In a phone conversation with Attila yesterday, I said that her attempt to define and defend some sort of non-radical feminism puts her in the position of the Mensheviks in the Russian Revolution, subject to a metaphorical annihilation at the hands of the Bolsheviks of the movement. “Conservative feminism” is an oxymoron, “moderate feminism” is intellectually untenable, and if you refuse to march in lockstep with the radical feminists, you must sooner or later decide to become an anti-feminist — an apostate to the radical cause.
That the leaders of the National Organization for Women did not put an ice-ax through Tammy Bruce’s skull for her Trotsky-like “deviationism” does not change the fact that Bruce is now a renegade held in contempt by the official spokeswomen for the
Stalinist feminist cause. (In the context of all these Russian analogies, I suppose I’m an old Tsarist exile, or perhaps a Ukrainian kulak.)
What is at stake, you see, is actually something far more important than the exclusive prerogative of women to write about “feminism” and their resultant indignation at an impudent male’s intrusion on their literary turf. I would be perfectly happy to stand aside and let conservative ladies take care of this matter, if more of them would emulate such excellent examples as Carolyn Graglia’s Domestic Tranquility: A Brief Against Feminism. But it won’t do for me to stint from my labors while so many self-described conservative women (and the “recovering lefty” Attila) not only refuse to declare open warfare on feminism, but indeed try to claim the “feminist” label for themselves.
To see Roxeanne de Luca pursue the illusion that she might wrest feminism from the grasp of progressives (who have, she says, “hijacked” it) is like watching Charlie Sheen rant about “winning” while his career comes crashing down all around him. And I am doing a “disservice to the conservative movement”? Because my “line of reasoning” is allegedly offensive to “left-brained, educated women”? (Implied: Any woman who defends him is a right-brained ignoramus!)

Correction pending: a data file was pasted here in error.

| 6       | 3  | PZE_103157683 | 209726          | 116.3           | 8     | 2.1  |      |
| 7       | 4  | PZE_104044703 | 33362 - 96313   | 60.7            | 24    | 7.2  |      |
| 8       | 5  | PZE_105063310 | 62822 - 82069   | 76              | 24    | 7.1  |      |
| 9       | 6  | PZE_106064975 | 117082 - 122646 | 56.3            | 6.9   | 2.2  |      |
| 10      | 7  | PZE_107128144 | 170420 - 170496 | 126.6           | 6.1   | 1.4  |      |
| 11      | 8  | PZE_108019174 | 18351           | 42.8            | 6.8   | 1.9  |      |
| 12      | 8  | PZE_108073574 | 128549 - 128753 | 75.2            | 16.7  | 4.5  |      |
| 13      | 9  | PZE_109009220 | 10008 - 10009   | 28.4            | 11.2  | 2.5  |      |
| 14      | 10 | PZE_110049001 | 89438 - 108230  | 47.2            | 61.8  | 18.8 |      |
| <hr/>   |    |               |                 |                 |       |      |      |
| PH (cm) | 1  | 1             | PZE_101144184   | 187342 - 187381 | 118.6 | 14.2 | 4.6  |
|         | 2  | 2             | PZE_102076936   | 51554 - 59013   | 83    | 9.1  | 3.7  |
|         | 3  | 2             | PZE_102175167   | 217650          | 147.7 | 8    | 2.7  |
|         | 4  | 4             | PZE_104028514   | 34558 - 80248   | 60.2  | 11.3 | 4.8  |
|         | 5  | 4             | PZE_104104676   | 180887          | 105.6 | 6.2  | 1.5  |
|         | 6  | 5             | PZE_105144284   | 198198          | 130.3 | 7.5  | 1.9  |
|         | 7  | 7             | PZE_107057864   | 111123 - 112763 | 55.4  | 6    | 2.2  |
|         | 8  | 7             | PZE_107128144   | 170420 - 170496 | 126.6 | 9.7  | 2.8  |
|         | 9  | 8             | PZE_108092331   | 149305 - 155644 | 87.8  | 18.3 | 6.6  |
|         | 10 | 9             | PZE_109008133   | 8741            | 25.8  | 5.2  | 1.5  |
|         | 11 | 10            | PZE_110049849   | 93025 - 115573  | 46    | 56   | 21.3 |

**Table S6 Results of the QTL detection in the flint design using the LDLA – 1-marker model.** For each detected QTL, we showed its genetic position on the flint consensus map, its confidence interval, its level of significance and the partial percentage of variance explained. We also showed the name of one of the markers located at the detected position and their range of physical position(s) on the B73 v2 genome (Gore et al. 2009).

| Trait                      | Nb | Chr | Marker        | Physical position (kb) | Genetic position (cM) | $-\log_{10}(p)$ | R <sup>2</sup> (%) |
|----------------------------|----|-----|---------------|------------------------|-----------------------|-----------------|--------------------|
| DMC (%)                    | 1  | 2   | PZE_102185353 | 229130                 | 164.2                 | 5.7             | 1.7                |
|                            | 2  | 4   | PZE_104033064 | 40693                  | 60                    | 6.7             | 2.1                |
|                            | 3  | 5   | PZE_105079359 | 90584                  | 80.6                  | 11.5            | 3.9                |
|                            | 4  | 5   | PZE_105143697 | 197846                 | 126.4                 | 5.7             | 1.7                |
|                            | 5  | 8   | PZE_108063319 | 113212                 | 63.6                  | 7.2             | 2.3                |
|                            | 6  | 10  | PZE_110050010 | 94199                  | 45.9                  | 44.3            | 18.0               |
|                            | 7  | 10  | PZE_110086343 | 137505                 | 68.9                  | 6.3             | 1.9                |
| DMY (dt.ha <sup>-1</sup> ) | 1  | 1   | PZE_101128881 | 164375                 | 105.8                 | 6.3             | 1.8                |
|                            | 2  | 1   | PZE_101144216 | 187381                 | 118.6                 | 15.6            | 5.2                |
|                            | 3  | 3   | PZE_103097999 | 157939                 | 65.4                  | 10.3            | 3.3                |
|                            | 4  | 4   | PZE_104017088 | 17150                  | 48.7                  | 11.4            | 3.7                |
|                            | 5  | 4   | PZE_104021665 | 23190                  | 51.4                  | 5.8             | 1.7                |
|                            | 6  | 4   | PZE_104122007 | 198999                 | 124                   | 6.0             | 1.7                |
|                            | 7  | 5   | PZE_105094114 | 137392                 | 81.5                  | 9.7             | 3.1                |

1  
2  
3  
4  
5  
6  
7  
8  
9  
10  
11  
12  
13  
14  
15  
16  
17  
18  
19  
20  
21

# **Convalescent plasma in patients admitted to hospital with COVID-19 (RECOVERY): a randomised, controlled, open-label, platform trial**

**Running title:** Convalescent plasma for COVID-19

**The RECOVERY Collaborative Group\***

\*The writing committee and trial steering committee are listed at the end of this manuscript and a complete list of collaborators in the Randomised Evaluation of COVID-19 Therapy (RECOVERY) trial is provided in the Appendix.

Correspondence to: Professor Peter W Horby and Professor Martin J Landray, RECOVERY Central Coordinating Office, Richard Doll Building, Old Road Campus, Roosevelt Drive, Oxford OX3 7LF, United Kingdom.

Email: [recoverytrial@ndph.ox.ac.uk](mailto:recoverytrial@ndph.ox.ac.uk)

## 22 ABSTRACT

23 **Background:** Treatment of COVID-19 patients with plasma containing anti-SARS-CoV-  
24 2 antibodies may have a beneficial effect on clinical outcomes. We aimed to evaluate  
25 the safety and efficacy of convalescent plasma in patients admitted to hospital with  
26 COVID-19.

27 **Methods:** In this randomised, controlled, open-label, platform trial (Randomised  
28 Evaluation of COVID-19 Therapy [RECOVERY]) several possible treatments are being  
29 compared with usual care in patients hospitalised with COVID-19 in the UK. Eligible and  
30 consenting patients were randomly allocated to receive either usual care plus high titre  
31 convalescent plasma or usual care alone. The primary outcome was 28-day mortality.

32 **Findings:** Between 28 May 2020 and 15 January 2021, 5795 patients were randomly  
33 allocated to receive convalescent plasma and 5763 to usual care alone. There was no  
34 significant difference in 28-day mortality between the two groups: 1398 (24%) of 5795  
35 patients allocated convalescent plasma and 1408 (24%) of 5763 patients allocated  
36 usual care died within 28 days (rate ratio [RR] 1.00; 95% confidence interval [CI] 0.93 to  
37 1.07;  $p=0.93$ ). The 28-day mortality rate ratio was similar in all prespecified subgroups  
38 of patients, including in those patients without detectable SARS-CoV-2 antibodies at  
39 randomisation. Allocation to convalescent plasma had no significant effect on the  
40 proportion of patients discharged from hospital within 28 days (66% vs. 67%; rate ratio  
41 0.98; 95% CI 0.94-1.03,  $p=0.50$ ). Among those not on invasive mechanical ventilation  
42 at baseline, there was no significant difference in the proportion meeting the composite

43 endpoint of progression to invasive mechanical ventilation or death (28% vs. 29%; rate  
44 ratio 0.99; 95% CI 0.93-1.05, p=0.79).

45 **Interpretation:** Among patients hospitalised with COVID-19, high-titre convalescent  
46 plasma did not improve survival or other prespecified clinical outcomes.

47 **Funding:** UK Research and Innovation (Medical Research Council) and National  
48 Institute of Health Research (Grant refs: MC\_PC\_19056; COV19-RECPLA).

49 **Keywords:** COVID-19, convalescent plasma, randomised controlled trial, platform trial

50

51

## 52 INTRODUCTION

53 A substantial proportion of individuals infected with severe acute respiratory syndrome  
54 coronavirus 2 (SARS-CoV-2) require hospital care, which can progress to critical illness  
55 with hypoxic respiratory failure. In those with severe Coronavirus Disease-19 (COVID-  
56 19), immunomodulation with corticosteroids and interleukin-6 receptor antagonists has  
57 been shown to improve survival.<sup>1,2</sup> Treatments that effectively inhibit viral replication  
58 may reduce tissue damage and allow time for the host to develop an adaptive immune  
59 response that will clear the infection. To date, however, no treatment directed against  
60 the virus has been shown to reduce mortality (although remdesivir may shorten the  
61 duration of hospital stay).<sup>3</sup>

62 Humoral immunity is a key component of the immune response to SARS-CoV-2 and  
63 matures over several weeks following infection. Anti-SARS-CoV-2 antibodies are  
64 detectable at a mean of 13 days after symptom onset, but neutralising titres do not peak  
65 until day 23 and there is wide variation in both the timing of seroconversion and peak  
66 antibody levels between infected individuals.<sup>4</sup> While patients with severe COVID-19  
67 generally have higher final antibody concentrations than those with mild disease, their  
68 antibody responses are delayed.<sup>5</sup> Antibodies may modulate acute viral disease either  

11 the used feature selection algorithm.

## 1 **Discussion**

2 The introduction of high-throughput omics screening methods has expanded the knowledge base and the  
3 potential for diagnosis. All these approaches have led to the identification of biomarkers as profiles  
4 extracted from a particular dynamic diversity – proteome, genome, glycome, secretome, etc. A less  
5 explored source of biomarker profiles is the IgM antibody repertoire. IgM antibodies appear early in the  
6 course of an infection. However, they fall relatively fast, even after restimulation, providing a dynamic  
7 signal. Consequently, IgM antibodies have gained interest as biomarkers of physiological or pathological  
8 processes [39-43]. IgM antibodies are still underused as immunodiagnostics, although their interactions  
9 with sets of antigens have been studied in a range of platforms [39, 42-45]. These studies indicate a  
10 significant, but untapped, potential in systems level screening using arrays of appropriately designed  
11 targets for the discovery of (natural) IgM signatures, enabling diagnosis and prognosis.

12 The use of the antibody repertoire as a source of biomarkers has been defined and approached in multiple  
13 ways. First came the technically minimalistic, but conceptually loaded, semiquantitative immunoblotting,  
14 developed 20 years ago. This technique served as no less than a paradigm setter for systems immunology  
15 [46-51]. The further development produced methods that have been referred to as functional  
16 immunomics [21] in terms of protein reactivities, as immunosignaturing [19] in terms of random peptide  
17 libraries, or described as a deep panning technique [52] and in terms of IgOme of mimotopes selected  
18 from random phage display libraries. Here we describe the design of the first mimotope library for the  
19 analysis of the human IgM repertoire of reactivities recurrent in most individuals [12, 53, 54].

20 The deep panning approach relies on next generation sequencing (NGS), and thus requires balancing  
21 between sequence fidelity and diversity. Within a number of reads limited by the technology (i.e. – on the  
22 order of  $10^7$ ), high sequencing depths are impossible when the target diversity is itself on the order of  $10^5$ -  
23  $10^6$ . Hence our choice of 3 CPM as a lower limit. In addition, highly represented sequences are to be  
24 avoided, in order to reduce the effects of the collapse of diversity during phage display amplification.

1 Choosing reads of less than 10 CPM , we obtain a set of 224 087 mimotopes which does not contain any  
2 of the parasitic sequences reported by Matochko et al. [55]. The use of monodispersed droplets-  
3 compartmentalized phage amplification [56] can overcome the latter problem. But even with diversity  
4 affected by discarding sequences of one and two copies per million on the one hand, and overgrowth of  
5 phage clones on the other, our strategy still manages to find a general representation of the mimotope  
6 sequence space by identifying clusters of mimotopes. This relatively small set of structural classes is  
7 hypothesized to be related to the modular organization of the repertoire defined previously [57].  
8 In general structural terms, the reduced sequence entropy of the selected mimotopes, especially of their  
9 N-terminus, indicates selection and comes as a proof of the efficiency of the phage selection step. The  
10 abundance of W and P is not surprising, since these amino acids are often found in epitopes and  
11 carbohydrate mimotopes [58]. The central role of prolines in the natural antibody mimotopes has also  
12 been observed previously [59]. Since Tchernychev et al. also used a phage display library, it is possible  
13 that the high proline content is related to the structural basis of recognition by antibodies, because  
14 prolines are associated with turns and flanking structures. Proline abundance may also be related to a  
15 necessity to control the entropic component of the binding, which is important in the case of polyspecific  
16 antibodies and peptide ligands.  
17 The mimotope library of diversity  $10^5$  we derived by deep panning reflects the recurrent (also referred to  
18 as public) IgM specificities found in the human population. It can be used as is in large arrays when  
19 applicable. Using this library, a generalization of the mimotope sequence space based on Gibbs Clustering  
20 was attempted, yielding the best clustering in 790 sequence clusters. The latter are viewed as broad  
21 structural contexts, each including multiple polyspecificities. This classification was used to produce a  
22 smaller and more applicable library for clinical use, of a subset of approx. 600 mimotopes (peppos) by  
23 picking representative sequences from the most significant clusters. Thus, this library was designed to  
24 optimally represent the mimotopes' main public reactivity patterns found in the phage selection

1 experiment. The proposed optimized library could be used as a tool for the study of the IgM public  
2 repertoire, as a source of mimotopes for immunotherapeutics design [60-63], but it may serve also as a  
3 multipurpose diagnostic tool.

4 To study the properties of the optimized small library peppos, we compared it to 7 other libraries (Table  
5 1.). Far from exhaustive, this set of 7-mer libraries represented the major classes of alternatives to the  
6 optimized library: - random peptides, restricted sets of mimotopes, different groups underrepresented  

This is a war of ideas, of course, and the injured feelings of Roxeanne or any other woman are not my responsibility. My target has always been the idea of feminism and none of these antagonists was so much as mentioned in my original post. It was only when Attila slung at me a calculated insult — “oversimplified fiddle faddle” (!) — that my defense required me to confront my accuser, only to find others endorsing her slur. Like La Cosa Nostra, it seems the feminists enforce their own sort of omerta, and this is their rule: In any argument between a man and woman, no woman can take the man’s side of the argument.
Never mind that Attila insulted me without any provocation: She is a woman, and therefore I must be wrong — so say they all. The collective solidarity of identity politics must triumph, and any woman who betrays sympathy for the Patriarchal Oppressor is doing a “disservice to the conservative cause.”
Well, the First Law of Holes requires me to stop digging while I’m still barely halfway to the fiery pit of Hell, so I’ll lay aside my shovel and beg your pardon, ladies, for having disturbed the proceedings of your coven.
“We must then make up our minds in accepting Women’s Rights to surrender our Bibles, and have an atheistic Government. . . . Adopt the infidel plan, and we shall corrupt our women without purifying our politics. What shall save us then?”
— R.L. Dabney, 1897